This post covers the implementation of a 2-dimensional quadcopter using the Unity game engine and PID controllers for flight control. This was a recent implementation and the details are documented here in hopes that others find some of this helpful.
Follow the walkthrough in this tutorial should hopefully provide the following:
- A Unity environment simulating 2-dimensional quadcopter flight ready for experimentation.
- A basic understanding of how PID controllers can be used in Unity (and elsewhere) as control systems.
- Basics on rotorcraft 2-dimensional dynamics.
All the covered code as well as the working project can be found in this GitHub repository. If you don’t care about the walkthrough of how and why you can grab the code and skip right to The Simulation section.
Before getting started
A few decisions were made for this simulation.
Why Unity? Unity comes with a sophisticated physics engine and makes rapid development and experimentation quick and easy.
Why Only 2 Dimensions? The problem of rotorcraft control is complex and removing a dimension allows for significant simplification. Once control in 2 dimensions is mastered, 3 dimensions can be tackled.
Why the PID Controller? Experienced Unity developers might wonder why use PID control over classic pathing techniques. The goal is to use a controller that translates to the real world. PID controllers are the go-to control loops for self-regulating systems.
Basics of a Quadcopter in 2D
By starting with simulation in 2 dimensions instead of 3, the complexity is significantly reduced.
IMPORTANT: In this article, the vertical axis is referred to as y and the horizontal axis as x. This is done to keep consistency with the x-y 2D axis in Unity. In standard notation, the horizontal axis would be referred to as y and the vertical axis as z (or x => y and y => z).
The drone has 3 total forces acting on it at any given time:
- A variable upward force for each propeller perpendicular to the frame and upwards
- A constant force of gravity directly downwards regardless of the frame’s orientation.
As long as the quadcopter is defined as a rigid body with mass, Unity takes care of the gravitational force. The force (or thrust) of the rotors is what the control system has to manage.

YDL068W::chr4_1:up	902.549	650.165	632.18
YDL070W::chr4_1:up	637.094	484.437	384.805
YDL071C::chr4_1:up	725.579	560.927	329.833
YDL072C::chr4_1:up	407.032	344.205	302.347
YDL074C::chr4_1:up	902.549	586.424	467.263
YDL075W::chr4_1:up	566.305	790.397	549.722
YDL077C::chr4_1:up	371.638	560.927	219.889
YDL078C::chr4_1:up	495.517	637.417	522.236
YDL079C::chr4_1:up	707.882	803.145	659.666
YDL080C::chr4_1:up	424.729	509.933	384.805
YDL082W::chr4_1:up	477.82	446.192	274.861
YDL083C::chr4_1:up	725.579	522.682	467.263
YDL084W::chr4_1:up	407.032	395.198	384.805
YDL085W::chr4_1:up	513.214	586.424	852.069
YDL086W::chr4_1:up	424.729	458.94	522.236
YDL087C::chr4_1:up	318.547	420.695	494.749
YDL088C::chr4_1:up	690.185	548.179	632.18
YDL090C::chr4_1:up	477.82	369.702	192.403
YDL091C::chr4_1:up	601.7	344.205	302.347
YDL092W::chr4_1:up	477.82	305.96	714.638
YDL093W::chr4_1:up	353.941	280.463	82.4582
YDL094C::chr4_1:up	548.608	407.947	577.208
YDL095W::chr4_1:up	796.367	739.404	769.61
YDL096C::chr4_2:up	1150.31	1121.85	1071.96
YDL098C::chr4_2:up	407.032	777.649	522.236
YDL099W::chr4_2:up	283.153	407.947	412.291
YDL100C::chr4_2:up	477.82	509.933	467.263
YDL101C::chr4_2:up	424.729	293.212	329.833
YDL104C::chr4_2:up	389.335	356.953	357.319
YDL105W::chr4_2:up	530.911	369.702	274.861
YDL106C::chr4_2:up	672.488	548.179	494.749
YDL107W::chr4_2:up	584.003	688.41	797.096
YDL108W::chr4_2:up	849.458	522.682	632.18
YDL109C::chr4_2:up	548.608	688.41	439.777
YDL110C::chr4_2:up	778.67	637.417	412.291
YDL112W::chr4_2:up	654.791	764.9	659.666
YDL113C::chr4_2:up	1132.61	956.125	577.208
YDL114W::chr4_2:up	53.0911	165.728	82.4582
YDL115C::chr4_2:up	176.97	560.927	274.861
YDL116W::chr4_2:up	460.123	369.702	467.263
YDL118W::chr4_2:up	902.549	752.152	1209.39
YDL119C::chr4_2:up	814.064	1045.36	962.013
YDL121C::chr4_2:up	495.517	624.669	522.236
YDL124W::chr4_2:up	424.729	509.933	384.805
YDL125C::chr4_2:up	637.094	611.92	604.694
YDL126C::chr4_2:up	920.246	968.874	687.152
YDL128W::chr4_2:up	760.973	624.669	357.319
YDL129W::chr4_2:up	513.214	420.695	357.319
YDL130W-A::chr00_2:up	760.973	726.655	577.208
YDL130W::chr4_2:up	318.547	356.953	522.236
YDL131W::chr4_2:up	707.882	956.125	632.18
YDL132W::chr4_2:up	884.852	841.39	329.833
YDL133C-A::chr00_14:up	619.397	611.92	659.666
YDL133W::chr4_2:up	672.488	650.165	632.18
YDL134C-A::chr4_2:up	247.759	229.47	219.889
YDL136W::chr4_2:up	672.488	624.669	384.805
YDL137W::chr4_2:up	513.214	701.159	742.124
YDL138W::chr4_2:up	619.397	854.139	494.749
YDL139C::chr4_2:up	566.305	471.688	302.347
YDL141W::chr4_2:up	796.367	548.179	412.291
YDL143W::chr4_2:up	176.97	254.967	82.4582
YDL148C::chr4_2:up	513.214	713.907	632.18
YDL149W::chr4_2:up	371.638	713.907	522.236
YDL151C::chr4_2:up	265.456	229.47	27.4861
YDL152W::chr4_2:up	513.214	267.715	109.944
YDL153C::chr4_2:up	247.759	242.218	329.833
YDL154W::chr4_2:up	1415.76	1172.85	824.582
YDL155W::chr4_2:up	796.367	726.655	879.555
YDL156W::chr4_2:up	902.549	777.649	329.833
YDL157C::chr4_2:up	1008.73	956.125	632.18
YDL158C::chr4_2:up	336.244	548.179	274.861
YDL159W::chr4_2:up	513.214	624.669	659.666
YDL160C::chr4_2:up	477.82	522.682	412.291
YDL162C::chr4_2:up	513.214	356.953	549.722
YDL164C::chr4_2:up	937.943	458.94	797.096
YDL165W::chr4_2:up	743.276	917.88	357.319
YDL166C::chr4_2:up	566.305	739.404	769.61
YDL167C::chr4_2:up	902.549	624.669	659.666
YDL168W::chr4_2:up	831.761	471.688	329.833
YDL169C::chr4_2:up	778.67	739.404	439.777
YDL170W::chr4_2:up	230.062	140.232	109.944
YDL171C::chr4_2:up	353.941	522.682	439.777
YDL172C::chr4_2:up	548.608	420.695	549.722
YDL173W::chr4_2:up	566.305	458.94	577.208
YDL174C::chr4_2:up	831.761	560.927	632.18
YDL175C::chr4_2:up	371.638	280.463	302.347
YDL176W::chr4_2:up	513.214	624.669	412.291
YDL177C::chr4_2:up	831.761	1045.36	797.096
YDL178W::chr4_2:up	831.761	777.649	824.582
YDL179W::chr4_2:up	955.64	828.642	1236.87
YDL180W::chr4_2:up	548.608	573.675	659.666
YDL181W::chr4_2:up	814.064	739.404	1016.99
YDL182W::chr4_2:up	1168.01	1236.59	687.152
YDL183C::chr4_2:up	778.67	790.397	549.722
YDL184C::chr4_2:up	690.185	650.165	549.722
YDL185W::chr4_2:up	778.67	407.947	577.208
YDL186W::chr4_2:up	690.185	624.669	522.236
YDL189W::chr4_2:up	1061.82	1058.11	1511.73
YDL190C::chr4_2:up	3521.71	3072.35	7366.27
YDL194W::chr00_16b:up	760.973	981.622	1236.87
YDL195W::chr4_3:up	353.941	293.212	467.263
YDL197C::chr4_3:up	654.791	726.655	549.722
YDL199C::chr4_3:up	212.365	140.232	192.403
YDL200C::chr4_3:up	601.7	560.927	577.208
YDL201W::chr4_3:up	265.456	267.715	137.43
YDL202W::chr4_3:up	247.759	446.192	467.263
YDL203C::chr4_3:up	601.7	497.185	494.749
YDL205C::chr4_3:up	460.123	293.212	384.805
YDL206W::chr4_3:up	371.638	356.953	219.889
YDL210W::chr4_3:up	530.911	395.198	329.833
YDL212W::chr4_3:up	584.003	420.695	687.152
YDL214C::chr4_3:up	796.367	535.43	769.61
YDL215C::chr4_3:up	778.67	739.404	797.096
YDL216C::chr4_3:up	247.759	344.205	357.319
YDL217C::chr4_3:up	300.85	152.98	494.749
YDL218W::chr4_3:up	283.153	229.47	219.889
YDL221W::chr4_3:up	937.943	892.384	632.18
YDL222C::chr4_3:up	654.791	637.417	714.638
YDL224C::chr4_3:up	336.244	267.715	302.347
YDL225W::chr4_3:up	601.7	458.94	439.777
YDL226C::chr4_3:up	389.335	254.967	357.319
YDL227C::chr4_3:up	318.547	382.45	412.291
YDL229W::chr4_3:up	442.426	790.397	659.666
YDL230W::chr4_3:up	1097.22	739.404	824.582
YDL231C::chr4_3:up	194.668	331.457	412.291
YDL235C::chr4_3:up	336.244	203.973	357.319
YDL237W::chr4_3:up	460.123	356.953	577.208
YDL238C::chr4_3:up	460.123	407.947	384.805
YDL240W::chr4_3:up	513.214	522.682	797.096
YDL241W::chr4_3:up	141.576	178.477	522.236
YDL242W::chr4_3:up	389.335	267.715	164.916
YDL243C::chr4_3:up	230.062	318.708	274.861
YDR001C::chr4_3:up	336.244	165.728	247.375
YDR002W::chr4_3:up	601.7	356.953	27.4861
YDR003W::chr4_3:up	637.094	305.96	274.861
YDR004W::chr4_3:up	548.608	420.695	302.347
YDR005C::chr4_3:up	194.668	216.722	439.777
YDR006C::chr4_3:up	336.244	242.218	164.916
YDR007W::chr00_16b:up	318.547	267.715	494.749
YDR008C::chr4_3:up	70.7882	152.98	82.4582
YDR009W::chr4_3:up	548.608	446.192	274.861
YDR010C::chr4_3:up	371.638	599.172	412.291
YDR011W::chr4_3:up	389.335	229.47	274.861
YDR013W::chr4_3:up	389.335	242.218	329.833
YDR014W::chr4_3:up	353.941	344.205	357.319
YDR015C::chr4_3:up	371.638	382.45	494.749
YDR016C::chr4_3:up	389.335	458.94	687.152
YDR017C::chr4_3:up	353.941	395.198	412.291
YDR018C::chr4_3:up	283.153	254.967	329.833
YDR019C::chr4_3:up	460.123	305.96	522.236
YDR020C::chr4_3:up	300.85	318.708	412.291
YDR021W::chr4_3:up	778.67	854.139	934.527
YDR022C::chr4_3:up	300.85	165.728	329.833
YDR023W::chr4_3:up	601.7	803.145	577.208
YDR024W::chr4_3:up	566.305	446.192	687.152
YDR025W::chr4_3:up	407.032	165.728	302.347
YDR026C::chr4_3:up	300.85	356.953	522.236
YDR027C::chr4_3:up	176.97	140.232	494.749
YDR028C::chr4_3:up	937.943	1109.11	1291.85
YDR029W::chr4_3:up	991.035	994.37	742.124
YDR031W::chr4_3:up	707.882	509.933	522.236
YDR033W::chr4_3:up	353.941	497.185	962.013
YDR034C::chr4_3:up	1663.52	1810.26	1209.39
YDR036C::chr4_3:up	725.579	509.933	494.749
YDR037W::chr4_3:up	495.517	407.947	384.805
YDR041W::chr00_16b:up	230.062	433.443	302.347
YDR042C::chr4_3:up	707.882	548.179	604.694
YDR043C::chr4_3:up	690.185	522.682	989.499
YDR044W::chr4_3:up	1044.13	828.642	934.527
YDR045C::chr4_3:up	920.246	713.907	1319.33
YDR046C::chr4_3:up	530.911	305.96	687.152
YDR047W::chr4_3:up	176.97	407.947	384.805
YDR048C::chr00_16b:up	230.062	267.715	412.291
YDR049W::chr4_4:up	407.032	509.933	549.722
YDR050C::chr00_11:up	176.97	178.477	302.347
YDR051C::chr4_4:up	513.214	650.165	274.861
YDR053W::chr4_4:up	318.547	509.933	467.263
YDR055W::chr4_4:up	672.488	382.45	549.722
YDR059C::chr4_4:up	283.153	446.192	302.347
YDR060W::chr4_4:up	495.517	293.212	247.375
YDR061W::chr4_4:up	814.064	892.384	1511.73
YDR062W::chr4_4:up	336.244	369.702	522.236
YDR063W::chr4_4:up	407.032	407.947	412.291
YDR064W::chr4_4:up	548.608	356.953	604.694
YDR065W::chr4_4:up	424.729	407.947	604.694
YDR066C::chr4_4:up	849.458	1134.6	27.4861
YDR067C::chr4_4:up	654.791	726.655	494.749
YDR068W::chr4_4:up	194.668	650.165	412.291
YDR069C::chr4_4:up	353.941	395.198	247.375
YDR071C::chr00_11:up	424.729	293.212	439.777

Acceleration of the simulated quadcopter can be controlled by changing the thrust of the rotors.
When the quadcopter is level with the ground, acceleration is only applied along the y axis. Increasing the thrust of the rotors in this orientation causes the quadcopter to accelerate up and decreasing thrust causes it to accelerate down.
When the quadcopter is tilted at an angle (we will call this angle phi or 𝜙) relative to the ground the force from the propellers begins to apply both horizontal and vertical acceleration. Maintaining thrust in this orientation increases horizontal velocity (y-axis).
Lastly, in order to change the angular orientation of the quadcopter (or roll), the thrust between the rotors needs to vary in order to produce torque (or moment). This moment is proportional to the difference between the forces and the distance between the rotors.
NOTE: Quadcopters in 3 dimensions also need to control yaw, which is torque (or moment) arising from the motors spinning. Luckily with only 2D there is no third dimension for the drone to yaw around.
The dynamics above allow for a fairly simple control system where only the overall thrust for the quadcopter’s linear acceleration and the difference in forces between the rotors for rotation need to be determined. This is typically expressed in terms of u1 and u2, where u1 dictates total thrust and u2 the total moment.
These are the values that the PID controller needs to determine.
The Control System
The PID controller is a control loop approach that continuously supplies a system with an input (like thrust, voltage, resistance, etc.) and adjusts this input based on how well the system performs over time.